Schwab, with $33 billion in assets, introduced its own digital service three years ago. The firm added an online service with a human financial planner last year; it costs 0.28 percent of assets, or about 0.42 percent of assets when the cost of investing is included. (Schwab’s advisers are salaried and act as fiduciaries, meaning they promise to put customers first.)

The tools are comprehensive: Planning for college? You can pull up the actual costs of a specific university, estimate what percentage you expect to pay and plan around that goal with a 529 account, even if it’s not held at Schwab. Selling your home in retirement? It can estimate how much you expect to clear, and how that might factor into your planning.

Schwab’s investment recommendations were criticized when the firm introduced its online service, in part because of its allocation to cash — a larger slice than many financial advisers recommend. The cash component makes money for Schwab, which earns revenue on the difference between the interest it pays to customers and what it can earn on that money invested elsewhere.

There are many others that provide distinctive services. Ellevest, which focuses on helping women and is run by the former Wall Street executive Sallie Krawcheck, now offers a premium service that goes as far as providing career coaches. Then there’s Wealthsimple, based in Canada but available to customers in the United States. Its premium “black level” service includes access to airport lounges. Rebalance provides advice largely for those over 45, while Personal Capital is an established player that describes itself as a “bionic adviser” — and carries higher fees as a result.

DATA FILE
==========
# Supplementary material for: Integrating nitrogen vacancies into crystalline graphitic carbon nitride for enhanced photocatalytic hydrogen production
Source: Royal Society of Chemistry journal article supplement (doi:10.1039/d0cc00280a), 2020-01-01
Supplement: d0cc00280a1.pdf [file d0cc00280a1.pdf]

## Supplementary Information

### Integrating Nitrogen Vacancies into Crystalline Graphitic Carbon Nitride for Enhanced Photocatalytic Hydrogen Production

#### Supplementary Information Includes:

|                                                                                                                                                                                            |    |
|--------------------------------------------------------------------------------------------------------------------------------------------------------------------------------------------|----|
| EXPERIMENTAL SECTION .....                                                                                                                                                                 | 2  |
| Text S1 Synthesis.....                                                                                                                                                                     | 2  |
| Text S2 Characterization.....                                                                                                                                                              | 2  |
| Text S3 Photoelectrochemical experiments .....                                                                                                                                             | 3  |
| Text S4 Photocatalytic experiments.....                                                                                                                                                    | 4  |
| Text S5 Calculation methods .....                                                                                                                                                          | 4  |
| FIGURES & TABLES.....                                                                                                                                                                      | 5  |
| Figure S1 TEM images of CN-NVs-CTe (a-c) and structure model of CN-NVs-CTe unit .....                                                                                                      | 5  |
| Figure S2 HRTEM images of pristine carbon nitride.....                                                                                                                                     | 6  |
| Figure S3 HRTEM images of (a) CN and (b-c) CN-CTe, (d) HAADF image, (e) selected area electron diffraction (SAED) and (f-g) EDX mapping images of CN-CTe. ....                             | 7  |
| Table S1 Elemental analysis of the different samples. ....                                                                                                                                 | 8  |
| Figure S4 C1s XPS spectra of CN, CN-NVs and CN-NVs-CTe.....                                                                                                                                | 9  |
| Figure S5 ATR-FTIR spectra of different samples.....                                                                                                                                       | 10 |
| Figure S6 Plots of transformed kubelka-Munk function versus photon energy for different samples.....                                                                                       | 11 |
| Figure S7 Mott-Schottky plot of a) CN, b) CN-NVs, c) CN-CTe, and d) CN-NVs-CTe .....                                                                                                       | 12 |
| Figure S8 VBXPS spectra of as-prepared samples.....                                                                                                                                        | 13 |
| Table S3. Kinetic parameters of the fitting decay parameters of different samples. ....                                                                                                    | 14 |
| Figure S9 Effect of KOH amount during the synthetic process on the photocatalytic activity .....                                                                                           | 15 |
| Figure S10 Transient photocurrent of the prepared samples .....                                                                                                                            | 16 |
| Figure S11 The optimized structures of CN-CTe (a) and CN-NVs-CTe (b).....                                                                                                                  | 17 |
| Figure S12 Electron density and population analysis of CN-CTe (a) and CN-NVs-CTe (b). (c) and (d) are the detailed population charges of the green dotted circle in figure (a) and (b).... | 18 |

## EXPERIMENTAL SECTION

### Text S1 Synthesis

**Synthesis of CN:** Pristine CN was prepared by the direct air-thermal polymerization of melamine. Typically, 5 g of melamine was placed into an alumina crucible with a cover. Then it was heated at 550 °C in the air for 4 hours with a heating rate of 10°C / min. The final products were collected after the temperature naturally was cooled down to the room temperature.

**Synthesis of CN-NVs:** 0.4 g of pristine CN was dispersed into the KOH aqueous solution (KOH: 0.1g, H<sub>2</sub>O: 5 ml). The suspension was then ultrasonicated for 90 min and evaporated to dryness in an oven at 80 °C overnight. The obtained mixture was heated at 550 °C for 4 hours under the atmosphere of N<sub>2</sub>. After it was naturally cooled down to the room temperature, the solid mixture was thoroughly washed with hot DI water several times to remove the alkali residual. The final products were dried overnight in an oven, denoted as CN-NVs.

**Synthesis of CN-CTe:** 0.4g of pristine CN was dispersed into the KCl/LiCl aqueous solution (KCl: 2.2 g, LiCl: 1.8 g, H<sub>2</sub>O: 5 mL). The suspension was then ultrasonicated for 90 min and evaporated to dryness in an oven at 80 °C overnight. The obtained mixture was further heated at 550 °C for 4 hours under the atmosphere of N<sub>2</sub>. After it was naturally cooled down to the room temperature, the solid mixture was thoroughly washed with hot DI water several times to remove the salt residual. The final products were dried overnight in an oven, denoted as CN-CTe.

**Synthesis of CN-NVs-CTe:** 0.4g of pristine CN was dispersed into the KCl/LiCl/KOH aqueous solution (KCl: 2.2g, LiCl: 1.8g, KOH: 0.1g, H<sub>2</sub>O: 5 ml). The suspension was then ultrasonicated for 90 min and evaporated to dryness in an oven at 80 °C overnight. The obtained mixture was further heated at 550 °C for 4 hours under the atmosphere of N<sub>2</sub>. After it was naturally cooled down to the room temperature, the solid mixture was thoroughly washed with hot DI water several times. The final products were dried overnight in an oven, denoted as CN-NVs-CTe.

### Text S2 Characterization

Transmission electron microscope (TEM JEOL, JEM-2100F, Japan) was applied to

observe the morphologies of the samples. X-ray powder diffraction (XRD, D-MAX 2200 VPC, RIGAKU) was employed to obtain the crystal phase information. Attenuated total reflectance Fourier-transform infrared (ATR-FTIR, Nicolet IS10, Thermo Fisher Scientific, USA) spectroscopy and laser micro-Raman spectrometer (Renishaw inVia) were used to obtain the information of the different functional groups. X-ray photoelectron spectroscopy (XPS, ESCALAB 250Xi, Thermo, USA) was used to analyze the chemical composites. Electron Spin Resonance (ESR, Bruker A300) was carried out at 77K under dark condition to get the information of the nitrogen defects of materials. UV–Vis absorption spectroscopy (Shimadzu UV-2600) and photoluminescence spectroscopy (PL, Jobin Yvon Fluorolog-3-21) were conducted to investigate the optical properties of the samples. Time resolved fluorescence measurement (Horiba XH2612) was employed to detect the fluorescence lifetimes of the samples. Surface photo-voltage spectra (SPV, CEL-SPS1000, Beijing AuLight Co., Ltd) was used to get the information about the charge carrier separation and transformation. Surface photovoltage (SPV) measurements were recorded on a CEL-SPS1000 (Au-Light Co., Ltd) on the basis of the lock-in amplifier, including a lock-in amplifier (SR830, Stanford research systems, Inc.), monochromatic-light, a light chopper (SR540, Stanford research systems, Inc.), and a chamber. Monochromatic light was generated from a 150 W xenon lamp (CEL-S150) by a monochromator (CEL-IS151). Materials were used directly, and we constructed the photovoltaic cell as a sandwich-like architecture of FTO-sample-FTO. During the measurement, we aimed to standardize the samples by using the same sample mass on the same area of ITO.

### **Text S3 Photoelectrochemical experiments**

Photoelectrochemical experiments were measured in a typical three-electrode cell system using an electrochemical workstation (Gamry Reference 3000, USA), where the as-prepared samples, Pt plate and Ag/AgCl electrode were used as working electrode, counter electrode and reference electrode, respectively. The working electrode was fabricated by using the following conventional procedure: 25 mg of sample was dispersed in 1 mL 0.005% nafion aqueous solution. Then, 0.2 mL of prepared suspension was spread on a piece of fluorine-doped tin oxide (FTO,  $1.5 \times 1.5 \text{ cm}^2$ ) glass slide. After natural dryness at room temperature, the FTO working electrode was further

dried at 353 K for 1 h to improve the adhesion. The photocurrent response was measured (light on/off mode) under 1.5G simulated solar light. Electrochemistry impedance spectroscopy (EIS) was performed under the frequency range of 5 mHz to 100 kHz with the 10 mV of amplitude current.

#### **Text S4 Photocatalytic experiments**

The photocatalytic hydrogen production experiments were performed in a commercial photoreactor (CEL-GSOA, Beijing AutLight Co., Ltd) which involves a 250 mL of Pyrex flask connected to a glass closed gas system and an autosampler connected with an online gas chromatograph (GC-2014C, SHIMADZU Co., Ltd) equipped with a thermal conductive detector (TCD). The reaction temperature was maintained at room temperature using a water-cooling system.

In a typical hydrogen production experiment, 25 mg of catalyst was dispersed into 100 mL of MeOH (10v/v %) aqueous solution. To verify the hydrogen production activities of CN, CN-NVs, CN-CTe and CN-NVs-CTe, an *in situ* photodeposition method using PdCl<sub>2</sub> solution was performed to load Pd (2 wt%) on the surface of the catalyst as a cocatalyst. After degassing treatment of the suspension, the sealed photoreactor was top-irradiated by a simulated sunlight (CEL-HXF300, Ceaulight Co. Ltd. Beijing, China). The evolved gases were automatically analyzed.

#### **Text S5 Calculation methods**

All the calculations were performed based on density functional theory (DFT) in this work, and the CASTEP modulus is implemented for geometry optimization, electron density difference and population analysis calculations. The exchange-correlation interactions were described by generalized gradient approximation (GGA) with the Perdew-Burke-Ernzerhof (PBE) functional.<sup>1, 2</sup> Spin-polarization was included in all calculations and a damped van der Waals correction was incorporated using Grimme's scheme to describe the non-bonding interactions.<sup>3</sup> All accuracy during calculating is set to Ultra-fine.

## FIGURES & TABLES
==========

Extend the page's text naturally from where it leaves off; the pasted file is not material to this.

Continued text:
There are also, of course, the human-led practices, more of which offer advice with flexible price options, including monthly subscriptions. And if robots and humans can keep playing nicely, even more people who don’t have piles of money will be able to get affordable financial advice.

A version of this article appears in print on
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Roboadvisers Get By With Help From Their (Human) Friends